‘Social’ shopping services evolve as retail industry shifts

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‘Social’ shopping services evolve as retail industry shifts


Bottles of mineral water, fresh figs from Jeolla, a discount coupon for a pedicure service at a nearby nail salon and reduced-price airline tickets.

It’s hard to imagine the products existing in a single shop, but you can find them all on what Koreans call “social,” which guarantees fast delivery and low prices.

Social, short for social commerce services, refers to a trio of mobile app-based shopping malls: Coupang, Ticket Monster and WeMakePrice, in order of revenue and user traffic.

Modeled after Groupon, a daily deal provider from the United States that began in 2008, the three launched here in 2010. Since then, they have transformed the landscape of Koreans’ online shopping, taking advantage of the nation’s advanced mobile network and the fourth-highest smartphone penetration rate in the world.

The trio’s business model has also changed over time. No longer providing just daily deals, they now sell just about anything, increasingly undermining offline shops and other existing online shopping malls.

Although they run their own websites, about 80 percent of orders are placed via smartphone.

Celebrating their fifth year of operation this year, all three have recently received funding from third parties that is expected to keep them evolving.

Taking the lead among the three is Coupang. The company announced on Aug. 26 it would launch a new service in the so-called online marketplace sector. An online marketplace or open market - both terms used only in Korea - serves as a medium between sellers and buyers online.

Social commerce services, on the other hand, take care of all aspects of shopping, from inventory to delivery and customer service.

“The new service is intended to widen customers’ choices and to lower barriers to entry for various smaller sellers,” said a Coupang spokesman.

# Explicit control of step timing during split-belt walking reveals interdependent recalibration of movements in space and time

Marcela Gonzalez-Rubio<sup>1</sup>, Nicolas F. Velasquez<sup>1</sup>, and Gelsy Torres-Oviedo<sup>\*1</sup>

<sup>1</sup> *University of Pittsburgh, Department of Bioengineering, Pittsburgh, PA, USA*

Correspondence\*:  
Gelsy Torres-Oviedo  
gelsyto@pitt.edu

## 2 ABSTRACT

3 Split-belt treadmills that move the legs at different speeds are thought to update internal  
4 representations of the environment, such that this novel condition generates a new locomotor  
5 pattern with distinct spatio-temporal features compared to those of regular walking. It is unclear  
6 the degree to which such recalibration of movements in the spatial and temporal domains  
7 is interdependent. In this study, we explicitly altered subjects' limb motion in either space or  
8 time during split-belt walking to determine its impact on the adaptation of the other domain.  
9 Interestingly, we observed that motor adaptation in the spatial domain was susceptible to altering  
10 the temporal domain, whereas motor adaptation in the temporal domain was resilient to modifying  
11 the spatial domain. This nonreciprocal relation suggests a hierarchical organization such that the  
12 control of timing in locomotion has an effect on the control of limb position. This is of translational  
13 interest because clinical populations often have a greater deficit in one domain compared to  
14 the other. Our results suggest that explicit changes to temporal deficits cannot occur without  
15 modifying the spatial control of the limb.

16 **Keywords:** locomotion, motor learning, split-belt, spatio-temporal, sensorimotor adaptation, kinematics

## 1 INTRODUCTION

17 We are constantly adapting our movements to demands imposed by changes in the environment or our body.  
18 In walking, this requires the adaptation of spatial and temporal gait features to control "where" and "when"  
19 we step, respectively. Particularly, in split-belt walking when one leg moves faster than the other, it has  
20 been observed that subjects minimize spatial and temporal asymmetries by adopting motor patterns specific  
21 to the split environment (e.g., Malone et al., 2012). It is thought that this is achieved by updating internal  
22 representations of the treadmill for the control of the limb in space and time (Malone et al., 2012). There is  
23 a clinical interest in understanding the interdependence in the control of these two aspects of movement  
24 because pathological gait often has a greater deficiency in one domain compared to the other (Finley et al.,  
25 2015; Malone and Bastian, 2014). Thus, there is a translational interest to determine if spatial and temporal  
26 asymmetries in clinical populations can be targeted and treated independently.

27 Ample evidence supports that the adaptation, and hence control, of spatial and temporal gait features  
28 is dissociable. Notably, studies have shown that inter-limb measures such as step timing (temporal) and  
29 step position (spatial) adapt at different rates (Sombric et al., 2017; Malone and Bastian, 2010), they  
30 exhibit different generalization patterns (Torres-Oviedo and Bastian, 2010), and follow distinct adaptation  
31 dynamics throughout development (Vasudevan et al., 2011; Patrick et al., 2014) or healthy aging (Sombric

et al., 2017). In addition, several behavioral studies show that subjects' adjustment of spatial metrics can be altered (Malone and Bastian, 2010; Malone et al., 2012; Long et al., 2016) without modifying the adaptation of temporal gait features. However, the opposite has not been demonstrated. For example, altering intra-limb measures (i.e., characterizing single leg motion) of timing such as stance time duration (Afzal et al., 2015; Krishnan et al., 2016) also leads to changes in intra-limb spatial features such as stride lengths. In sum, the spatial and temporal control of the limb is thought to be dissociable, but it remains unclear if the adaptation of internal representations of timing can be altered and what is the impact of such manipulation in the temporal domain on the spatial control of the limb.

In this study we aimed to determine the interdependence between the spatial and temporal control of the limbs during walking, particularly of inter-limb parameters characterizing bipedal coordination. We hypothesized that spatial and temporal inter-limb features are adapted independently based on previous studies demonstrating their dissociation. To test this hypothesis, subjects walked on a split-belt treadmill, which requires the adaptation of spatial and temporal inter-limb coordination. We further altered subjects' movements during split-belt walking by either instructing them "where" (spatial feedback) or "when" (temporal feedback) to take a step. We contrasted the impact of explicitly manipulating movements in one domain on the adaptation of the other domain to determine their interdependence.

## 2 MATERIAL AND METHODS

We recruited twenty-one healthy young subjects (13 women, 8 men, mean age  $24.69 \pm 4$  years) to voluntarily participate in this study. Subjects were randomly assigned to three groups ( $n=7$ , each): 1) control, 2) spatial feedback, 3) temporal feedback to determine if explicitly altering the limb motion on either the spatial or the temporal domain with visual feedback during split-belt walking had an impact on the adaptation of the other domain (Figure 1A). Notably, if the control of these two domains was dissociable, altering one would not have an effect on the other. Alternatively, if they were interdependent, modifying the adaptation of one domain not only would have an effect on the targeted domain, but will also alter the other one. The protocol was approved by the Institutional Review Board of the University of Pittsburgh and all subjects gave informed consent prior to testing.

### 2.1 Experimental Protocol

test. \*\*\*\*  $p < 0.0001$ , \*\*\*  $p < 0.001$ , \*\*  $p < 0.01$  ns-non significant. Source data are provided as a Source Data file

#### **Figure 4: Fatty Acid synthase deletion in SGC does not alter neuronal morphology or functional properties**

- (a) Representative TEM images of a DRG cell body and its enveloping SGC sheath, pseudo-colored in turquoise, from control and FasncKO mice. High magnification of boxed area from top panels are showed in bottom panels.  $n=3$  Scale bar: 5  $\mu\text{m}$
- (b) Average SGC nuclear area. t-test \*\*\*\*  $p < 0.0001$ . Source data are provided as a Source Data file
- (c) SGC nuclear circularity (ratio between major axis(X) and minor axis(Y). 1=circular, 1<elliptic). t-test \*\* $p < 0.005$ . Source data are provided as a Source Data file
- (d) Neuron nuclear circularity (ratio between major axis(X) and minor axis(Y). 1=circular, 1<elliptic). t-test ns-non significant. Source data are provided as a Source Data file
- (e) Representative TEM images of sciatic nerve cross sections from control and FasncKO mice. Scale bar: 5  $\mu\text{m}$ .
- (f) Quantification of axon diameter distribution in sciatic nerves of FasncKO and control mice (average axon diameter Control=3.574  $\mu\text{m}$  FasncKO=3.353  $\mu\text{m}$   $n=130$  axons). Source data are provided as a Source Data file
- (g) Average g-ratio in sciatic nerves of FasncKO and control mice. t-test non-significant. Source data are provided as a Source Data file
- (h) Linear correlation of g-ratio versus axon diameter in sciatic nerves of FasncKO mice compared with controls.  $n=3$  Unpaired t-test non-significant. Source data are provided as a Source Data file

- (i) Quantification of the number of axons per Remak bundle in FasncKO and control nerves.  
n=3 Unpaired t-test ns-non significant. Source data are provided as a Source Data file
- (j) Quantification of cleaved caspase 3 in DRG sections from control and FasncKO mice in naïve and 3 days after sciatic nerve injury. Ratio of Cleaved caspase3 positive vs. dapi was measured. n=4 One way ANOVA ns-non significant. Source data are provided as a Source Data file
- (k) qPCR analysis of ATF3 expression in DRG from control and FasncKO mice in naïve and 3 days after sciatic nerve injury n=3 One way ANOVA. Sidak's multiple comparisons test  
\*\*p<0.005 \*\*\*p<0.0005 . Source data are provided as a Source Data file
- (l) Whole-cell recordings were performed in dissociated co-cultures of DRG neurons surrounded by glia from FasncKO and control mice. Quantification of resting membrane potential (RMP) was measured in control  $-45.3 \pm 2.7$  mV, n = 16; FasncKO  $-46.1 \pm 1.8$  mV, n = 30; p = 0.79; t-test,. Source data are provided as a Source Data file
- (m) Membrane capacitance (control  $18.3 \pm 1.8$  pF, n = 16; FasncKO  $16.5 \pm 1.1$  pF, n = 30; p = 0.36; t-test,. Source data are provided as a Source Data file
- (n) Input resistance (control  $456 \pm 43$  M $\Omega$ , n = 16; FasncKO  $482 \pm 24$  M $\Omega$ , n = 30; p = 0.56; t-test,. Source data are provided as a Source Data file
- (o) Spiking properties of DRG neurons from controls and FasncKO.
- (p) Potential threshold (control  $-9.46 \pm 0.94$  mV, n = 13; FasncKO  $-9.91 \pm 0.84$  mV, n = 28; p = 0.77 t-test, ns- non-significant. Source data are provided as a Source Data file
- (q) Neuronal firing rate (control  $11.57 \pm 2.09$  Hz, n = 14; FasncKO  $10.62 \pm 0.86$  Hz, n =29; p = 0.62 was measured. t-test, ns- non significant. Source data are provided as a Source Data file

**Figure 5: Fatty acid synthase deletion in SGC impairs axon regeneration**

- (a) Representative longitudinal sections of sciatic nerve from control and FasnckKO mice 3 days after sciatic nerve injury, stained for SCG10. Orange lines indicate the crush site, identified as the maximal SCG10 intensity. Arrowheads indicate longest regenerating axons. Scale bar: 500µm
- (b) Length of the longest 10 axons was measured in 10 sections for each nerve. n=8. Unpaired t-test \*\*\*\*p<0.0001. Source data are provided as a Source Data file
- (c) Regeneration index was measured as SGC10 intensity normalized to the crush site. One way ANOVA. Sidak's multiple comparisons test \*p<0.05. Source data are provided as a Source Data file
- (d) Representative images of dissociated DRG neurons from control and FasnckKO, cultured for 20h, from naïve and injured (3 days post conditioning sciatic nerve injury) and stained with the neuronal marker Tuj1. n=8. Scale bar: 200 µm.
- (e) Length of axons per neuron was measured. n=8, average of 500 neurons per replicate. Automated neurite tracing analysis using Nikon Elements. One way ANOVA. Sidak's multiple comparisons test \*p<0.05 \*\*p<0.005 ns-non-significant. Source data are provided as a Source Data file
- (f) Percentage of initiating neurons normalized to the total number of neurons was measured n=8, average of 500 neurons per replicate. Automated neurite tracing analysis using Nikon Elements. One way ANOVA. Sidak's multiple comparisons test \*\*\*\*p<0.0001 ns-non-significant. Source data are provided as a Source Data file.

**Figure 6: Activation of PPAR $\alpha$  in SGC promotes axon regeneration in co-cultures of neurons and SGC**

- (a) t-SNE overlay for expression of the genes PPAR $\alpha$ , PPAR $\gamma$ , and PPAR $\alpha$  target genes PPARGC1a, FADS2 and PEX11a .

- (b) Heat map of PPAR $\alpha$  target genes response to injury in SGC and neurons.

Coupang’s latest decision corresponds to its declaration in March that it aims to become a comprehensive mobile shopping platform like Amazon, with CEO Bom Kim saying in a press conference the company refuses to be classified as just a social commerce site any longer.

“Classification of the types of shopping platforms has become irrelevant,” said the Coupang spokesman. “Coupang is neither an open market nor a social commerce site. It is an unprecedented business model.”

When Coupang begins operating its open market in mid-September, it will be competing with established brands like 11th Street, run by top mobile carrier SK Telecom, as well as Gmarket and Auction, both Korean subsidiaries of the United States’ eBay.


Even though Coupang posted revenue of 348.4 billion won ($295.3 million) last year - about half that of Gmarket and Auction, at 733.9 billion - the aggressive newbie could soon become a formidable threat for existing open markets, experts say.

User traffic already signals the challenge. According to Rankey.com, an online traffic tracking service provider, Coupang had the most users among mobile e-commerce apps, trailed by Ticket Monster and WeMakePrice from Aug. 16 through Aug. 22. 11th Street took the fourth spot.

Among all mobile apps in Korea, Coupang ranked No. 12 by number of users, with Ticket Monster at No. 32 and WeMakePrice at No. 33. KakaoTalk was No. 1 and Facebook was No. 7.

“We will wait and see for now, given it will take a while [for Coupang] to collect items for sale,” said a spokeswoman with a major open market operator who asked for anonymity. She said an open market needs to have an inventory of at least 40 million items before launching operation. “What really counts is the business model and acquired know-how,” she said.

Coupang’s bold expansion has been made possible by the astronomical investments it has received in the past two years. Most recently, Japan’s third-largest wireless carrier SoftBank invested 1.1 trillion won by purchasing newly issued shares.

Although the company has declined to unveil the percentage of the stake SoftBank gained in the June deal, the investment valued Coupang at an estimated 5.5 trillion won, according to industry insiders.

Coupang CEO Bom Kim is the top shareholder and SoftBank is assumed to be the second- or third-largest, although the company cannot disclose specifics under the confidentiality agreement it signed with Softbank, according to a Coupang spokeswoman.

The funding was preceded by American venture capital firm Sequoia Capital’s injection of $100 million in May 2014. New York-based asset manager Blackrock added $300 million last December.

“Masayoshi Son [the CEO of SoftBank] is known as someone who makes it a rule to invest only in companies that have their value increase tenfold in 10 years,” said Suh Yong-gu, a marketing professor at Sookmyung Women’s University. “By choosing Coupang [among the three players], he has officially endorsed the company’s future prospects.”


The academic specializing in e-commerce said it has become meaningless to divide online shopping malls into different types.

“Consumers have zero interest in the nature or origin of the shopping platform they use,” he said, “Various forms of shops including those that began offline - department stores or discount chains - have jumped onto the bandwagon of online shopping. If you lose in the online battle, you have no choice but to exit the field.”